St Paul’s Cathedral is one of the most recognisable and popular attractions in London. A breathtaking object of beauty, a spiritual centre, an architectural masterpiece, a climbing adventure, and an engaging place of learning. Originally built in 604AD, St Paul’s was rebuilt several times before the Great Fire destroyed it again. Reconstruction was overseen by Britain’s most famous architect Sir Christopher Wren between 1675 and 1710, with services starting in 167 and continuing today.
Visiting the daunting St. Paul’s Cathedral: exciting, enormous, stunning, exhausting. How can you get the most out of your visit? Can you expect to do everything?
Here are my tips and notes on the crypt!
Always check St Paul’s website.
Although open daily from 8:30am to 4:30pm, I’d advise checking online for your dates. Book online if you can be precise with your timing.
On occasion, there are events at St. Paul’s Cathedral. Check your dates to see if there is an event when you plan to visit – it’s rare that something will impede your visit, but checking hours at every venue in London is always advisable. And remember that this is a functioning church, with regular services, so being respectful of the fact that this is a place of worship is important.
Be patient and ready to climb (sometimes in tight spaces. For a long time.)
To see it all requires time, some patience (for kids and adults alike) and a bit of energy if you want to climb up the winding spiral staircase to the delightful Whispering Gallery, and more than just a bit to climb all the way to the top of the Dome: The Golden Gallery. On the way up. having a chance to see the infrastructure of this tremendous architectural feat fascinates and delights most, even if the climb can be vertigo-inducing, and, at times, claustrophobic. Expect many turns, tight hallways and narrow, winding staircases. The open-air views of London are refreshing after such an ordeal, and make the climb more than worth the effort. First, the Stone Gallery, and further up, the much-smaller Golden Gallery, both offer tremendous, very fresh views all around London. Relax and enjoy them – you must climb back down…
Make time for the Crypt at the end – Great Break!
Educational, museum-quality exhibits and interactive media along with the requisite gift shop and cafe.After the cathedral, the Whispering Gallery, the climb up to the top of the dome and eventual climb back down, you’re not done until you ‘exit the gift shop.’ Fortunately, in this case, you’ll see more architecture and art, but you’ll also have a mini-museum experience of thoughtfully curated exhibits. If you didn’t care to make the climb(s) then you can relax and enjoy Oculus, a clever 270-degree film display where you can feel as if you are taking a tour around the cathedral in person. Watch it anyway… it’s surprisingly relaxing.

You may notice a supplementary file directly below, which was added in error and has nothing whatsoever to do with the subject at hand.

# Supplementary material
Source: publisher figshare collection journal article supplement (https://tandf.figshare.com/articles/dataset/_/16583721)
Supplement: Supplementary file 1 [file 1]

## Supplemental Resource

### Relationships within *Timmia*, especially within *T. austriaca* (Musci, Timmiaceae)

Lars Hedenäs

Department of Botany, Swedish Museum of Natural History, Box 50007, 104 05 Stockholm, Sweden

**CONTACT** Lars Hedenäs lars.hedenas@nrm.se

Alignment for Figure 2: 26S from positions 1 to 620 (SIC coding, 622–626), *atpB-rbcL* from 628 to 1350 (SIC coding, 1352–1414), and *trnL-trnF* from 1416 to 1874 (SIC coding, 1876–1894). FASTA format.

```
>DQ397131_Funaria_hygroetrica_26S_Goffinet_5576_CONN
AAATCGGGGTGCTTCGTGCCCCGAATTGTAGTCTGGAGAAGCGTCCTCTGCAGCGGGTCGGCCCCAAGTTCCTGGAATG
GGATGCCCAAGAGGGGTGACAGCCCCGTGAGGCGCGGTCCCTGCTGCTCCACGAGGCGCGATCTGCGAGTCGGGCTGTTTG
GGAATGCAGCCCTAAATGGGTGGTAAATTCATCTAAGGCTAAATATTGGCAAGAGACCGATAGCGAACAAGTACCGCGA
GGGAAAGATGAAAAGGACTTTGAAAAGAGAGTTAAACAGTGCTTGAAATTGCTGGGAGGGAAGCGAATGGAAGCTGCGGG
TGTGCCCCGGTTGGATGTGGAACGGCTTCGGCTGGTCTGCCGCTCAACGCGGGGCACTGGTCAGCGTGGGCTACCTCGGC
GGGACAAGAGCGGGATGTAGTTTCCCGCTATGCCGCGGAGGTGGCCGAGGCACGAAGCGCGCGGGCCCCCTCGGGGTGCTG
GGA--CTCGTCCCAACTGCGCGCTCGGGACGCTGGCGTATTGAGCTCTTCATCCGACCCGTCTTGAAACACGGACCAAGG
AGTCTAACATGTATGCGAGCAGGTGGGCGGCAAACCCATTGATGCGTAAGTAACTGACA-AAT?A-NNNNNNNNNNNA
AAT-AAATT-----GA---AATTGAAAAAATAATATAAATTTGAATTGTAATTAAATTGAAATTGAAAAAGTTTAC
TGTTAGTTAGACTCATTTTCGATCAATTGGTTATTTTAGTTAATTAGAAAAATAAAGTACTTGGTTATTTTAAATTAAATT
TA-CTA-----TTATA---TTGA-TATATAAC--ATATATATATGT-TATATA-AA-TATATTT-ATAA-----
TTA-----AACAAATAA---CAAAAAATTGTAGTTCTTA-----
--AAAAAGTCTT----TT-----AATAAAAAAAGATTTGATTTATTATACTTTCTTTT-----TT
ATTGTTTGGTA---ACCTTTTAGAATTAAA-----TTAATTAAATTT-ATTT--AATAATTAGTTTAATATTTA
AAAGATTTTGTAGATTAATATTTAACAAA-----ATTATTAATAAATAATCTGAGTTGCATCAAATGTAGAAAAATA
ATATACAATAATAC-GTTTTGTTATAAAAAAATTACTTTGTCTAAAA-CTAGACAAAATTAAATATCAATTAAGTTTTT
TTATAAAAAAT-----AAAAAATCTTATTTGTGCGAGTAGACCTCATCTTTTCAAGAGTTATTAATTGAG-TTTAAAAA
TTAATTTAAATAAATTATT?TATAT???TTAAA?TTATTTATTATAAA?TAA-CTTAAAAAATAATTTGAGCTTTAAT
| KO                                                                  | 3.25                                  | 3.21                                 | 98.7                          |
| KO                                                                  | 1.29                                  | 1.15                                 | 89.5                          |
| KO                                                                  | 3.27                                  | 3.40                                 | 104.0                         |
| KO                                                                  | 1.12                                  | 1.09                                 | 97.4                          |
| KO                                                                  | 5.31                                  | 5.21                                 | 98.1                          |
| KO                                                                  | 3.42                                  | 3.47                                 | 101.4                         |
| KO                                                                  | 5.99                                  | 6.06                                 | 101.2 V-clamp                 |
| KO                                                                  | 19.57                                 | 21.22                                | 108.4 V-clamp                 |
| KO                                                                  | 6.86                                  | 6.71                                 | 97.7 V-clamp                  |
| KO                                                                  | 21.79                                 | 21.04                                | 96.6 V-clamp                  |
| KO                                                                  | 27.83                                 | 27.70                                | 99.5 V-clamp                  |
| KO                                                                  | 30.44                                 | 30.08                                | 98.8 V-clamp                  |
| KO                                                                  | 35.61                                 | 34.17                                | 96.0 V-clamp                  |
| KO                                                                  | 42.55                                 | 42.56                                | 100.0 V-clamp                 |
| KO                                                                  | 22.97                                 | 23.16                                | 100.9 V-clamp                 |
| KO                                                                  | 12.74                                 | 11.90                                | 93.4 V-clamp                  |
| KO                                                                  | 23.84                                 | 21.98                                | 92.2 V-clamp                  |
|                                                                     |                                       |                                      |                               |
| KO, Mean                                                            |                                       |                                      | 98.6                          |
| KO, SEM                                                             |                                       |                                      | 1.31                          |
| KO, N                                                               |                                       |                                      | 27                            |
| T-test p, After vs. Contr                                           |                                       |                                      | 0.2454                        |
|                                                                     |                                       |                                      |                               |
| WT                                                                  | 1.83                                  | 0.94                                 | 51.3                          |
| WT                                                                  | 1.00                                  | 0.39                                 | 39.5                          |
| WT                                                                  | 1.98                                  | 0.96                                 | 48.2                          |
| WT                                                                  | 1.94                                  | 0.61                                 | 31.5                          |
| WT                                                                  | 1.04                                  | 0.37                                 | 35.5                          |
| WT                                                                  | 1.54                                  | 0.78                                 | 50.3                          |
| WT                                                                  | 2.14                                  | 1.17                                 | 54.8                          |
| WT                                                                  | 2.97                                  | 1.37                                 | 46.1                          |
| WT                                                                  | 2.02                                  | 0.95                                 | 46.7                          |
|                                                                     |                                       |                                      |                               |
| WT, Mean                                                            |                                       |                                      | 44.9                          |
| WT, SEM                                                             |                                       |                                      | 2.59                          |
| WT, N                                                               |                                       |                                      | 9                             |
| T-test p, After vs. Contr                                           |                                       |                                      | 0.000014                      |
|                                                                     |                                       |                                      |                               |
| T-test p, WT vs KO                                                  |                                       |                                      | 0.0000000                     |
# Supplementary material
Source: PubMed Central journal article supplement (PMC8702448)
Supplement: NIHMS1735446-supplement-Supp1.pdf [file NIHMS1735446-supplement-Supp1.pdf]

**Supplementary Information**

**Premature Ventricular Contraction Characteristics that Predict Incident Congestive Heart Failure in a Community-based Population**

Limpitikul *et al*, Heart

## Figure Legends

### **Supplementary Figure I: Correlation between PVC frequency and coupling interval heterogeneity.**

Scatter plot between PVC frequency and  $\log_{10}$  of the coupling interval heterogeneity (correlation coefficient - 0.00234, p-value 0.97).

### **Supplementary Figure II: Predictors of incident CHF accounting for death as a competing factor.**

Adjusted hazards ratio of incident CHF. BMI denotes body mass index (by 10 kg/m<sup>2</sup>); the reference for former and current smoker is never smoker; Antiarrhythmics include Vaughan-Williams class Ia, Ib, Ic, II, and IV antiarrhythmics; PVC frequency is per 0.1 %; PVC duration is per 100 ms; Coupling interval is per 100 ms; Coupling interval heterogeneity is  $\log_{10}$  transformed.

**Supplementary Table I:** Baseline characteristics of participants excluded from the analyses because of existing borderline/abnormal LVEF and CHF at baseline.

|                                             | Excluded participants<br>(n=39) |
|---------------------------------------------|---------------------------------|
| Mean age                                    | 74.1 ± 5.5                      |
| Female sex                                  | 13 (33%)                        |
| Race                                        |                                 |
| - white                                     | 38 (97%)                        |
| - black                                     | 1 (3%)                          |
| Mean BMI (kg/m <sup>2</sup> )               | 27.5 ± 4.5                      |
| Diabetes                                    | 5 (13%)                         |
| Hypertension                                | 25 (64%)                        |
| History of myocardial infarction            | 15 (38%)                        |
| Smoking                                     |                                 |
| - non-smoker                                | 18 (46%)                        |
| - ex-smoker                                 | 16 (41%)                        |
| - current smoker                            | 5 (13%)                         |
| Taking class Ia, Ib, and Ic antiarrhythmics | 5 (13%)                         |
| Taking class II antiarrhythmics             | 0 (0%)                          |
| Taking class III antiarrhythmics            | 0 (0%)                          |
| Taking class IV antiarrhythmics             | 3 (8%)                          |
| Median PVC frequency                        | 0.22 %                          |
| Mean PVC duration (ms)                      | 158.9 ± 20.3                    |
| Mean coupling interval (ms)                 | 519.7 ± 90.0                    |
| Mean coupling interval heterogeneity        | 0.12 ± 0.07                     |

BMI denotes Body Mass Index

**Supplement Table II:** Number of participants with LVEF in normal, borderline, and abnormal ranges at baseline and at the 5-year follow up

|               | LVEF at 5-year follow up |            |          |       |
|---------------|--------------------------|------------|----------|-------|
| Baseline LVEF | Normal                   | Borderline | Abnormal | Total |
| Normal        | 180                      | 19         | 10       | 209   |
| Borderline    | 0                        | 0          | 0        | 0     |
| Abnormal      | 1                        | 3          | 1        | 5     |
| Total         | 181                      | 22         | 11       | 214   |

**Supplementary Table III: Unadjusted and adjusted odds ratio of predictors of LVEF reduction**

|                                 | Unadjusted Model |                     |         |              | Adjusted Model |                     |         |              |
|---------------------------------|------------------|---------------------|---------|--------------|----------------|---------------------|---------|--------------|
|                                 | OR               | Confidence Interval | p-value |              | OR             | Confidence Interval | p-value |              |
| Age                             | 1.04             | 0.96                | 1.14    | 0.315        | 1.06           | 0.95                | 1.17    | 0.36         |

The Churchill screen gates divide the refectory and the crypt and can be seen when visiting the cafe, the shop or the public bathrooms. After your climb, you can leisurely visit the crypt, the exhibits, Oculus, the gift shop, and (of course) cake and coffee (or tea) in the cafe.
Tombs & Memorials
“Reader, if you seek his monument, look around you.” reads Sir Christopher Wren’s simple memorial (south aisle in the east of the crypt) so take his advice. Be on the lookout for the following tombs and memorials: painter Sir Joshua Reynolds; sculptor Henry Moore; scientist Alexander Fleming, who discovered penicillin; the Duke of Wellington (the largest, it actually took longer to build than the whole cathedral,) and Lord Nelson facing Charles Marquis Cornwallis. Painter’s Corners’s Turner, Millais, and Lord Leighton; Arthur Sullivan of Gilbert and Sullivan (near the OBE Chapel), Sir Henry Wellcome, Florence Nightingale, William Blake, T. E. Lawrence (Lawrence of Arabia) and George Washington.
Directly under the dome, Lord Nelson’s Tomb features a black marble sarcophagus, originally made for Cardinal Wolsey, Lord Chancellor, which had been in storage for a few hundred years after Wolseley fell out of favour with Henry VIII when he could not arrange a papal annulment to end his marriage to Catherine of Aragon. More interesting to me is that his coffin was made from the timber of a French ship he defeated in battle.